A substrate 30, either glass or a polymeric material, is placed in chamber 12 that is equipped with a pair of parallel plate electrodes including a first electrode 12-1 and a second electrode 12-2. First electrode 12-1 functions as a gas inlet manifold or shower head through which a reactant gas provided by a gas controller 18 flows into chamber 12. Second electrode 12-2, separated from first electrode 12-1 by several inches, functions to support or hold substrate 30. During deposition, a radio frequency (RF) voltage provided by first power generator 14 through a matching network 14-1 is applied to first electrode 12-1 to produce a plasma within the reactant gas in chamber 12. The plasma causes the reactant gas to decompose and deposit a layer of material onto an exposed surface 30-1 of substrate 30. Second power supply 16 provides an RF voltage, a direct current (DC) voltage, an alternating current (AC) voltage or a pulse voltage to second electrode 12-2 to create an electrical field between first electrode 12-1 and second electrode 12-2. The deposition process and operation of second power supply 16 will be later discussed in detail by reference to FIG. 2.

System 10 further includes a heat controller 20, a lift mechanism 22 and a pump 24. Heat controller 20 powers a heater (not shown) for heating substrate 30 during deposition to achieve or maintain second electrode 12-2 at an appropriate temperature level. Lift mechanism 22 is provided to support second electrode 12-2 at an appropriate elevation level. Pump 24 is used to evacuate chamber 12 to a state of vacuum.

FIG. 2 is a schematic diagram illustrating a method for forming a polysilicon film in accordance with one embodiment of the present invention. The deposition process is a result of chemical reactions between reactive molecular precursors and substrate 30. Initial atoms and molecules that will constitute the film are delivered as precursors, which are fed from gas controller 18 shown in FIG. 1. The desired reactions are to deposit a pure film on surface 30-1 of substrate 30 and eliminate extra atoms or molecules that comprise the precursors.

Referring to FIG. 2, the deposition process at least includes a nucleation stage and a growth stage. The nucleation stage is assumed when a film of stable material is deposited on nucleation sites on surface 30-1 of substrate 30. Substrate 30 has many bonding locations on surface 30-1, where chemical binding occurs during deposition, causing gaseous atoms and molecules to chemically attach to surface 30-1. However, the reaction does not occur at all of the potential bonding locations. Generally, defect sites, which have irregular topology or impurities, are likely to trap the molecular precursors. To provide more of such defect sites, also referring to FIG. 1, second power supply 16 provides a bias voltage to second electrode 12-2 during the nucleation stage to generate an electrical field between first electrode 12-1 and second electrode 12-2, resulting in an ion bombarding effect on surface 30-1. In another embodiment, second power supply 16 provides a bias voltage to substrate 30 during the nucleation stage. The ion bombarding facilitates formation of defect sites for initial reaction products, that is, nucleation seeds. The nucleation seeds are immobile and diffusing molecular precursors have a high probability to collide with them and react, resulting in the growing of metastable clusters. As the metastable clusters grow larger, most of the collisions occur at the boundaries of the metastable clusters. As the metastable clusters further grow three-dimensionally, most of the binding and reaction processes occur on the upper surfaces of the metastable clusters, resulting in the formation of critical clusters. During the growth stage, eventually, the vertical growth of the critical clusters results in the formation of grains, which finally coalesce into a continuous film.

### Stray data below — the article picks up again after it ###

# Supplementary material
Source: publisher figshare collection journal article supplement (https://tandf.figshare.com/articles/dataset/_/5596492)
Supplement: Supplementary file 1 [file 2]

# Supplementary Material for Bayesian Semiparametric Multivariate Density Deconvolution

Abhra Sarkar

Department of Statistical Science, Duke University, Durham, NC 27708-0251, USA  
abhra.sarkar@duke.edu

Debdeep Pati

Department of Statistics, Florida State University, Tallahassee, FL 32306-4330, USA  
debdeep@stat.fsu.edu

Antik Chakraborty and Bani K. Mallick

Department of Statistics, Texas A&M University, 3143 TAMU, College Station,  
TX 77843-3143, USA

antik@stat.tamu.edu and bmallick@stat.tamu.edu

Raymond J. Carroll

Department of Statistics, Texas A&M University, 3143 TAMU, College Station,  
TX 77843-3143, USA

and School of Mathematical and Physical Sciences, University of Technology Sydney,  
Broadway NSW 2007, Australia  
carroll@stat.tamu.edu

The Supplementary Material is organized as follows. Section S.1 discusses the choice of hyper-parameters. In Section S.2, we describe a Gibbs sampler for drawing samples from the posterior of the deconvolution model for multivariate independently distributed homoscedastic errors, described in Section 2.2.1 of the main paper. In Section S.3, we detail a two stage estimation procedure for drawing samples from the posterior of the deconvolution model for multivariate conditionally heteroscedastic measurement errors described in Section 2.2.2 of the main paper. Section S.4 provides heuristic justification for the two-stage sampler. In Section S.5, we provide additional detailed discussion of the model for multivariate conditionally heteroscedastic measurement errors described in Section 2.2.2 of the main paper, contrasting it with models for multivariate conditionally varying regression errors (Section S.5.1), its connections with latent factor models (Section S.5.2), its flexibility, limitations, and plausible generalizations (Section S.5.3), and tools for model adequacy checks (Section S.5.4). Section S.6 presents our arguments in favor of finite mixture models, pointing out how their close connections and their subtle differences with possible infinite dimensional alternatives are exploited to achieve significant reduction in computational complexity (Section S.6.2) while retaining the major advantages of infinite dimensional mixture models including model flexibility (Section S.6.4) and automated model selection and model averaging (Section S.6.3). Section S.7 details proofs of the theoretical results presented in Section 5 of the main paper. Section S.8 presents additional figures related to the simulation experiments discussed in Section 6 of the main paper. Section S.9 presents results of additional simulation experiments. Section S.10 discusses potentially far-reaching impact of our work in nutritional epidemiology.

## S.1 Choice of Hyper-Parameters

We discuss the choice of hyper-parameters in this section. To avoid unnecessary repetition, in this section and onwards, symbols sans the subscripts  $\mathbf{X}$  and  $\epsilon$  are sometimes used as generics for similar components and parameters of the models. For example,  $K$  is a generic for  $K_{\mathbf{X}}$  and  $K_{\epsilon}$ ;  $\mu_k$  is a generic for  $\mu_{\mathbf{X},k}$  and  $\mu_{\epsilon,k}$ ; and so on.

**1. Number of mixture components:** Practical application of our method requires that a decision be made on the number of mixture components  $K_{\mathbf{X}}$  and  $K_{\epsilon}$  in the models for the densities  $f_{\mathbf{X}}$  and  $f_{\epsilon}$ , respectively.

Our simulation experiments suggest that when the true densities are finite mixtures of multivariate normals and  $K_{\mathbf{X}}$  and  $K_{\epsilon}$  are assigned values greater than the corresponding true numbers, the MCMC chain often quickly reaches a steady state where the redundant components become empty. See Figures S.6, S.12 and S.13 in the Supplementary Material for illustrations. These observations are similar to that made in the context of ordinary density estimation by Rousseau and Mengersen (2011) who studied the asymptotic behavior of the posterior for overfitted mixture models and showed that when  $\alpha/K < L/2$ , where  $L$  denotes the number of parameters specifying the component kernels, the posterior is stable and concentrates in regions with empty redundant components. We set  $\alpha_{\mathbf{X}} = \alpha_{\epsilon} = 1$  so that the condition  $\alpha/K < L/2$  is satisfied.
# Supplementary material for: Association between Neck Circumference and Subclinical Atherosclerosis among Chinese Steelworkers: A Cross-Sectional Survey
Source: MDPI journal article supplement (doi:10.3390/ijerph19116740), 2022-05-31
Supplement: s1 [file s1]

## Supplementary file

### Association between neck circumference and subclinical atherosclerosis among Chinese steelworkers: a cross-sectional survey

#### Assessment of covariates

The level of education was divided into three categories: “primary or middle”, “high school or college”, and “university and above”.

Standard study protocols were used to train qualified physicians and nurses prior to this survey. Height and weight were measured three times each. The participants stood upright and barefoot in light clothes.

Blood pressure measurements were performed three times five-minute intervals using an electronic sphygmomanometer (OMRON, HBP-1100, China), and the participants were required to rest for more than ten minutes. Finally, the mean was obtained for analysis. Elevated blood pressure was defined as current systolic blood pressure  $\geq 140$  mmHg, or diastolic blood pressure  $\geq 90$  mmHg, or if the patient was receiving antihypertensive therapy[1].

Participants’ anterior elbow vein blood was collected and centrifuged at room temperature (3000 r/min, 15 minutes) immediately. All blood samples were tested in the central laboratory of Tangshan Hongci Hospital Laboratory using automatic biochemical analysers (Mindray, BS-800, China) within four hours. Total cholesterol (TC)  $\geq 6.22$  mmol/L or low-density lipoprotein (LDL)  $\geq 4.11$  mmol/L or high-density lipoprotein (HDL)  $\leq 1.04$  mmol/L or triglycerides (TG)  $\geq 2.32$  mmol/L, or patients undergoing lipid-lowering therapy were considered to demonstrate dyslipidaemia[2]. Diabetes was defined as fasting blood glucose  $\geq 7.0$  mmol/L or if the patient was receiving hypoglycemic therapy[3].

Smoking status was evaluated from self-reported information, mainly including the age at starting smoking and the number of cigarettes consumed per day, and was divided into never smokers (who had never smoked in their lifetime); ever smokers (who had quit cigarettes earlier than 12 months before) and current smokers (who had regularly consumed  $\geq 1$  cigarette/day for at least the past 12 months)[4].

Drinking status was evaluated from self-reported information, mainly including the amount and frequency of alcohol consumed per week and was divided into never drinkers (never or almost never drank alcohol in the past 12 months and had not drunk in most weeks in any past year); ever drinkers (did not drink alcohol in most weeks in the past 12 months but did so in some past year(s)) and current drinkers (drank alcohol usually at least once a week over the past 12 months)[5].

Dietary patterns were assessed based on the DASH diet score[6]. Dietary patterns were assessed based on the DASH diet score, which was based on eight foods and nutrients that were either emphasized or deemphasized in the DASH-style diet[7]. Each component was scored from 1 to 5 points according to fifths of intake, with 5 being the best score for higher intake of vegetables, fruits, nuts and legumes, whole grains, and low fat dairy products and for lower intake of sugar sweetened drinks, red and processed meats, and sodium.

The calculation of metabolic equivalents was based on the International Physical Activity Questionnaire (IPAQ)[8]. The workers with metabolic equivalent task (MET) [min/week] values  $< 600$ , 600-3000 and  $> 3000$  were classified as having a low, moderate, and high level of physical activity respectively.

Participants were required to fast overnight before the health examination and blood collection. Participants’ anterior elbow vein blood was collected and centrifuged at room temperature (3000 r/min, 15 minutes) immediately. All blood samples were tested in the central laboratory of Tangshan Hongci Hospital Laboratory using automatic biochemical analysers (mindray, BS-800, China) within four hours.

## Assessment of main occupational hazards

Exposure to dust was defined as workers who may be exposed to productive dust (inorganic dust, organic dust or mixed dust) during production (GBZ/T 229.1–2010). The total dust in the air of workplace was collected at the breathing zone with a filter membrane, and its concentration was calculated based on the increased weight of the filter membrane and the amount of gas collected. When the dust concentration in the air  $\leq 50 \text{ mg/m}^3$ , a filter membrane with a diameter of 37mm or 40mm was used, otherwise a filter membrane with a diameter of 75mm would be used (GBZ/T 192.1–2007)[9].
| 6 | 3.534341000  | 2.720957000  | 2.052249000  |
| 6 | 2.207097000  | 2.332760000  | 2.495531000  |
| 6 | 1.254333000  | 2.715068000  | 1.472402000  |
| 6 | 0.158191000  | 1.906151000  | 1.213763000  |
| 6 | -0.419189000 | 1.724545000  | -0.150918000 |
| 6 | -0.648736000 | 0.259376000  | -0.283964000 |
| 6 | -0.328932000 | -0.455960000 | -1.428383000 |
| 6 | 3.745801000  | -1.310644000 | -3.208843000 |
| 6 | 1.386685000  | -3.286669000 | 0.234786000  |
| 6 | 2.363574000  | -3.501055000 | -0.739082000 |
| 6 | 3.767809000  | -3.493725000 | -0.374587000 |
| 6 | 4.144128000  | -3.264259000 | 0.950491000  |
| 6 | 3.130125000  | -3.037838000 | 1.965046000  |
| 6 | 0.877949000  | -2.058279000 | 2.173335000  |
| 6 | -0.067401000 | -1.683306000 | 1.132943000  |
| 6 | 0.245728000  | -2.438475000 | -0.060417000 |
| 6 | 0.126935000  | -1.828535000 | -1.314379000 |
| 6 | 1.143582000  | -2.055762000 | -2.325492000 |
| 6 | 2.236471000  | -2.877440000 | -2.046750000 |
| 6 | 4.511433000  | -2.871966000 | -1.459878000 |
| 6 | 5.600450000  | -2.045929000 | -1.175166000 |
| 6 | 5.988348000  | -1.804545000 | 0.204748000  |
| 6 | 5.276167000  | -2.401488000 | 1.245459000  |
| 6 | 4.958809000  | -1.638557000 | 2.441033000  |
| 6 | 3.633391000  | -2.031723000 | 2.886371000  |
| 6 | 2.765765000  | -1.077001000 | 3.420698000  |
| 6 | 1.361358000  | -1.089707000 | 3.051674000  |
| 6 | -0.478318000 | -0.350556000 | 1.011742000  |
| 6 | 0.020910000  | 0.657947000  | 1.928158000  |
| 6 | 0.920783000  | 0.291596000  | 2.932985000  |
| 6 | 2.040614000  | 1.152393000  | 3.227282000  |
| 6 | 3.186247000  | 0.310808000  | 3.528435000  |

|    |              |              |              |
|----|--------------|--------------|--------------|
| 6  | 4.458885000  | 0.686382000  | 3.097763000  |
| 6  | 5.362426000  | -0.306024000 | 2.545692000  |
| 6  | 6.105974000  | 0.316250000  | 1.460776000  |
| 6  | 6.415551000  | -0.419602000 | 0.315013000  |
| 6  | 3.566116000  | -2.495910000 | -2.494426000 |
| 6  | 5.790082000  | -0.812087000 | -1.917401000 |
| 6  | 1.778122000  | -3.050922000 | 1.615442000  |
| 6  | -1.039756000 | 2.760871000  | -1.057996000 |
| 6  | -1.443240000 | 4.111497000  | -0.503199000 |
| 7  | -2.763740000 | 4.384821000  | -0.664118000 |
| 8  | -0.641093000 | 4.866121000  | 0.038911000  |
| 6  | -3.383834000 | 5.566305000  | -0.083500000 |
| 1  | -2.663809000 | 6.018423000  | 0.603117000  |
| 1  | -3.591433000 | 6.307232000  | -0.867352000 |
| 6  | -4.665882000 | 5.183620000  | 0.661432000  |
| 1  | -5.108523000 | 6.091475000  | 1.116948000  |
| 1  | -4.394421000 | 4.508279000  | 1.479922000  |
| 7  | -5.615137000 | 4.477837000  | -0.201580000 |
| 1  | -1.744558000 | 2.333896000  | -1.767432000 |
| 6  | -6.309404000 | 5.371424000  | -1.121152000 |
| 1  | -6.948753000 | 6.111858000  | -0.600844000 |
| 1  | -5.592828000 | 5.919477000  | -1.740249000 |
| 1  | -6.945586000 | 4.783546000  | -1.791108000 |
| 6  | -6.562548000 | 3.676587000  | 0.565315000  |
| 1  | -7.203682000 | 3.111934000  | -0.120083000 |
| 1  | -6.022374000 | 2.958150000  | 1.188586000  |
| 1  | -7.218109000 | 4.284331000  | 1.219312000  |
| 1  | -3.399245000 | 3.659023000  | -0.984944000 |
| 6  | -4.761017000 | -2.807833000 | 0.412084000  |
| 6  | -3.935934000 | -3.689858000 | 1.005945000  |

In one embodiment according to the present invention, the RF power provided by first power supply is approximately 600 watts at a frequency of approximately 13.56 MHz. The density of plasma generated is approximately 1011 to 1013 cm−3, which facilitates the nucleation with a shorter incubation time and thinner incubation layer as compared to a lower density of one or two orders less. Second power supply 16, in one aspect, provides an RF power ranging from approximately 100 to 1000 watts at 13.56 MHz. In another aspect, second power supply 16 provides a DC bias ranging from approximately 0 to 600 volts. In still another aspect, second power supply 16 provides an AC bias ranging from approximately 0 to 500 volts at a frequency of approximately 0 to 400 Hz. In yet another aspect, second power supply 16 provides a pulse voltage, for example, in the form of a square wave transmitting in a single direction, i.e., either positive or negative. The pulse voltage ranges from approximately 0 to 500 volts at a frequency of approximately 0 to 400 Hz with a pulse width of approximately 1 to 10 μm/sec. Chamber 12 is evacuated to a pressure of approximately 10−3 Torr. The reactant gases include silane (SiH4), hydrogen (H2) and Argon (Ar). In one embodiment, Ar is approximately 0 to 50 sccm, SiH4 is approximately 50 sccm, and the ratio of SiH4 to H2 is approximately 1:10 to 1:100. Substrate 30 is maintained at a temperature of approximately 25° C. to 500° C. The incubation layer ranges approximately from 300 Å to 500 Å, under which thickness the amorphous silicon is crystallized into polycrystalline silicon.